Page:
High-caliber, competitive contractors make strategic investments that help distinguish them as reliable and valuable partners. Among those investments is technology. Of course, contractors who have made this investment are already aware of the benefit of using software to keep projects on time and on budget. But many are just beginning to understand how their own data can create a flywheel that breeds a stronger safety culture and an improved risk profile in the eyes of insurers.
And because insurance is one of the top costs on a project, the most budget-minded contractors are using data strategies to reduce insurance costs and obtain broader coverage.
As nebulous as it may sound, beginning your journey of using data to strengthen safety programs and improve insurance outcomes is easier than you might think. That’s because the operational data you already capture can enhance your understanding of your performance in relation to risk mitigation.
In doing so, you’ll reveal areas of success and opportunities of improvement. By translating these insights into action, you’ll power the flywheel of reducing risk. Not only can you use data to create safer, more profitable projects but it can also result in favorable insurance rates and broader coverage. Here are tips for getting started:
Almost everything you collect is an indicator of risk.
When you look for data points to help you assess and manage risk, start with anything you capture in your software that includes workflows or completion dates. Many successful risk managers look at observations, submittals, change orders, inspections, daily logs and more. Let’s look at requests for information (RFIs), for example. As you analyze your RFI data, consider when they are happening and how quickly they are being responded to. If they are taking a long time, that means that there is a higher likelihood of rework and schedule delays, which increases the chance for incidents to occur. In fact, some people refer to RFIs as “Risk Frequency Indicators”. These data points allow you to see where your firm might be missing the mark and where your staff can make improvements.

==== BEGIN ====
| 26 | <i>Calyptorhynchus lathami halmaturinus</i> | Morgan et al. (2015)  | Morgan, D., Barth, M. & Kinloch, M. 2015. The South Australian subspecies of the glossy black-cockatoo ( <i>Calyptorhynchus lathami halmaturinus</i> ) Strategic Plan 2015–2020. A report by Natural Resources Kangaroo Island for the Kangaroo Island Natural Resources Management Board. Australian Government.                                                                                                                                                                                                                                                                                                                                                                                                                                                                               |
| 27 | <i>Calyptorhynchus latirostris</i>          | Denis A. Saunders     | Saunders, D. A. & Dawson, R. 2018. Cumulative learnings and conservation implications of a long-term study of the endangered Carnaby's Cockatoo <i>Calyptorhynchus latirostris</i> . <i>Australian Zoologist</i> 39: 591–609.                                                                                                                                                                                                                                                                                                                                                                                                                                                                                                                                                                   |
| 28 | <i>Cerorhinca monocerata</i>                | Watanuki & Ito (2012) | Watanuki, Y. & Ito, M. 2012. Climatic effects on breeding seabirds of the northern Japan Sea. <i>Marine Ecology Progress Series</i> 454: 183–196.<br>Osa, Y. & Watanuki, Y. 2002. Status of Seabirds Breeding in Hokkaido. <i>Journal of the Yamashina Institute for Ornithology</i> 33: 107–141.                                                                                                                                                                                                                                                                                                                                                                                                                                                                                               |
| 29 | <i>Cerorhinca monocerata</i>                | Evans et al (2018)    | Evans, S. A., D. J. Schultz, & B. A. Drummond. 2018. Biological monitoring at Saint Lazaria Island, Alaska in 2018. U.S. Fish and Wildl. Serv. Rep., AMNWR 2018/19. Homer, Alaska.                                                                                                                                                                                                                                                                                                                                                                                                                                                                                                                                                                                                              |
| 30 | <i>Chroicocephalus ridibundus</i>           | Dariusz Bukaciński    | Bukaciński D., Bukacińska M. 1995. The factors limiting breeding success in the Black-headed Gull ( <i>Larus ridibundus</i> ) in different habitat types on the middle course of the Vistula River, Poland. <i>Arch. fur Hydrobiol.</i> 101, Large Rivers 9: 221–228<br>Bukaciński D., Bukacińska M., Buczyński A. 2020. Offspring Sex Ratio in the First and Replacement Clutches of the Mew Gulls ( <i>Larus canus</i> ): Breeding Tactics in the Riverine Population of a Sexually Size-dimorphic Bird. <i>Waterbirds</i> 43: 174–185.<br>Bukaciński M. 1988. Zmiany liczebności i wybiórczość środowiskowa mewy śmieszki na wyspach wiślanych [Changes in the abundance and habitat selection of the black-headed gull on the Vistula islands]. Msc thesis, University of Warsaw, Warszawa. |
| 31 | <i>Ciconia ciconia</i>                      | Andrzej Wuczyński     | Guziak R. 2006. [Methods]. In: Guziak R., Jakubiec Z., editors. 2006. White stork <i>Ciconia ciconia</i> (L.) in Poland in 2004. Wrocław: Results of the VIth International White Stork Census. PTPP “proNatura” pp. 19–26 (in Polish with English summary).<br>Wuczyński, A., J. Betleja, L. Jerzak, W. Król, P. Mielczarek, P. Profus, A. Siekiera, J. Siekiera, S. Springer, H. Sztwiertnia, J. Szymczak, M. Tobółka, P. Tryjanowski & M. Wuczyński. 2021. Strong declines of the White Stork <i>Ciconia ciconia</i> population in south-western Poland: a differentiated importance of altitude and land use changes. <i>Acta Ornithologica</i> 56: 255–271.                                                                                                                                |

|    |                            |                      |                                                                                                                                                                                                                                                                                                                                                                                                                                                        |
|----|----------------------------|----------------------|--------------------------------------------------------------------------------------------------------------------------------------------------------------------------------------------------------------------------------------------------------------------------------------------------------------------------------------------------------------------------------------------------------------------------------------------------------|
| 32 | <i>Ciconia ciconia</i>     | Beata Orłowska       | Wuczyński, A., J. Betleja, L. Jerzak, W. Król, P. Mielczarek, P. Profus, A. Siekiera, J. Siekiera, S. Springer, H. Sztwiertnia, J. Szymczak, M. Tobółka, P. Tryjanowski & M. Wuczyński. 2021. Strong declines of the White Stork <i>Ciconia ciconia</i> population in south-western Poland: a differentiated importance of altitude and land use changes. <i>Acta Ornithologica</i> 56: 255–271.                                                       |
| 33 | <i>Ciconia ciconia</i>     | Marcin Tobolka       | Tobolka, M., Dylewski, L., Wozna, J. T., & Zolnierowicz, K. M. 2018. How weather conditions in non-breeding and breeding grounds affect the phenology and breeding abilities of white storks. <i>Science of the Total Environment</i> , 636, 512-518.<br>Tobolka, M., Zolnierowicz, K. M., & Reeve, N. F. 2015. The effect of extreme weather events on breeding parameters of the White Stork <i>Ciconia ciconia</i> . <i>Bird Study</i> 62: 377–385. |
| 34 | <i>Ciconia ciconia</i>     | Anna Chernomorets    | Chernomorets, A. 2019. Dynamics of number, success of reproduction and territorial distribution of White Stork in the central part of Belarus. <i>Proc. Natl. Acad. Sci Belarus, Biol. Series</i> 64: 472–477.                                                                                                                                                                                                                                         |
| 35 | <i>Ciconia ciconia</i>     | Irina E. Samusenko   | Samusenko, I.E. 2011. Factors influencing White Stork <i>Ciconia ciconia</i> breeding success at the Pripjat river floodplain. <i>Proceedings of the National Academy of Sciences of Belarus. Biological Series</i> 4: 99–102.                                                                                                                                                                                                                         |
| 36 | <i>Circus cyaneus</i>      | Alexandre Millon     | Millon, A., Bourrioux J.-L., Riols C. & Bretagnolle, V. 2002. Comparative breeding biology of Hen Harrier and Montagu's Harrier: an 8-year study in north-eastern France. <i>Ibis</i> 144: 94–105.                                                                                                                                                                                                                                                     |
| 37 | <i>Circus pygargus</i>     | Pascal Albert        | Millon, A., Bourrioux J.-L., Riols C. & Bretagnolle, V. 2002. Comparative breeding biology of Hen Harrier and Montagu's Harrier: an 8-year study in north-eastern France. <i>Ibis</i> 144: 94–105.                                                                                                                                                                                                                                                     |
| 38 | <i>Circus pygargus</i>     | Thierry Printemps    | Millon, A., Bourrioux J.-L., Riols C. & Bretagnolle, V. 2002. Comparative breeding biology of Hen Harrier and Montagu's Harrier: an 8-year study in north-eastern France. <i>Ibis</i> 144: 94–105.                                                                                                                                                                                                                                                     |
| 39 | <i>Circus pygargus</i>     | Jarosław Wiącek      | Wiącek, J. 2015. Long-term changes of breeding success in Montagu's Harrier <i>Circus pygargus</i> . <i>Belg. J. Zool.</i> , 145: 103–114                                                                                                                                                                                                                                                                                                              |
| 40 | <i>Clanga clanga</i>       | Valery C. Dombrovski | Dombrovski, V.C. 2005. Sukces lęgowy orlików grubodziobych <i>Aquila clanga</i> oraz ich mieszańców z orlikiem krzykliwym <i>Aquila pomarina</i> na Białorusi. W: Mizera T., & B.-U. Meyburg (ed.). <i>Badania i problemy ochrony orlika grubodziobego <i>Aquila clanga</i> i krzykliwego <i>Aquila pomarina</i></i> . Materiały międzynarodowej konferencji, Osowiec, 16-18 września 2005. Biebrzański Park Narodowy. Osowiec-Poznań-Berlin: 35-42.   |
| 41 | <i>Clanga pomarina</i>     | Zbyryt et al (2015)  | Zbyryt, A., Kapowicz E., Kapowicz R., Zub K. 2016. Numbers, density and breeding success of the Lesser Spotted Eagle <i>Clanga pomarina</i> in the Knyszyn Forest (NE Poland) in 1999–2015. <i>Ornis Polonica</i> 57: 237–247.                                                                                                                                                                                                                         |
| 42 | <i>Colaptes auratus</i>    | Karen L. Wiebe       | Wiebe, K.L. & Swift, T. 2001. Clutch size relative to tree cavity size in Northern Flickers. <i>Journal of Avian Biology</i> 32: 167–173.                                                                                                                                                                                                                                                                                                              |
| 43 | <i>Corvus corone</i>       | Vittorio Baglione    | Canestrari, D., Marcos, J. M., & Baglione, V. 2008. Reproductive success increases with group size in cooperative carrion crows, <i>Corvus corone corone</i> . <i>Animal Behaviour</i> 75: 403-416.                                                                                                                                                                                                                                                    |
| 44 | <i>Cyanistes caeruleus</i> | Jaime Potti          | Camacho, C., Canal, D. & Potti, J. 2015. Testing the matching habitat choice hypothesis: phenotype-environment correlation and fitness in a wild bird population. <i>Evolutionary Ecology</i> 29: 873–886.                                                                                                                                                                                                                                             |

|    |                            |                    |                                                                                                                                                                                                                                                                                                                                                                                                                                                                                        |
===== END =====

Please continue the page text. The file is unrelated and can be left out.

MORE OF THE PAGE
The role of the risk manager is evolving.
Historically, a risk manager’s responsibilities included purchasing insurance and managing claims. However, the modern risk manager role has moved away from “handling insurance” to becoming a trusted advisor to the C-suite. Risk managers have a deep understanding of revenue and exposure, and can advise on operations and strategy to bring value to the table. Access to technology and data is further accelerating this. Risk managers now have a historical view of where risk tends to creep in, and can use it to make better decisions and put practices in place so that risk management becomes proactive instead of reactive.
Managing risk is a shared responsibility.
Firms without a risk manager should tap into internal teams as well as external ones. By distributing risk awareness throughout the organization, everyone in your firm can become a safety champion. To get started, lean on the external expertise of vendors, consultants and partners who can help you train teams to identify and manage risk. Then, as your business grows, you can add a risk manager.
Have an open dialogue with your broker and your underwriter.
The insurance landscape is evolving, with some adopting an entrepreneurial approach beyond using conventional underwriting models. To take advantage of this shift, you should foster transparent conversations with your broker and underwriter to establish trust. Rather than proving you own a safety manual or mere box-checking, you should shine a light on how your safety practices have a tangible impact on the jobsite. You can contribute to the underwriting process and weave a favorable narrative by demonstrating that you have a history of efficient and effective operations, enabled by tech adoption.
The future of risk management is already taking shape.
The emergence of artificial intelligence, insure-tech, risk-tech and construction-tech is collectively enhancing safety in the construction industry. For example, monitoring devices can track equipment and workers. Water detection devices alert when an intrusion or leak occurs. These tools allow you to immediately respond and intervene. Digital documentation and record-keeping can help you ensure compliance. AI can help identify patterns and trends so that you can proactively shift your operations, prioritize preventative measures and mitigate risks before they occur. Integrating these technologies significantly reduces the chance of human error, enhances safety protocols and reduces incidents.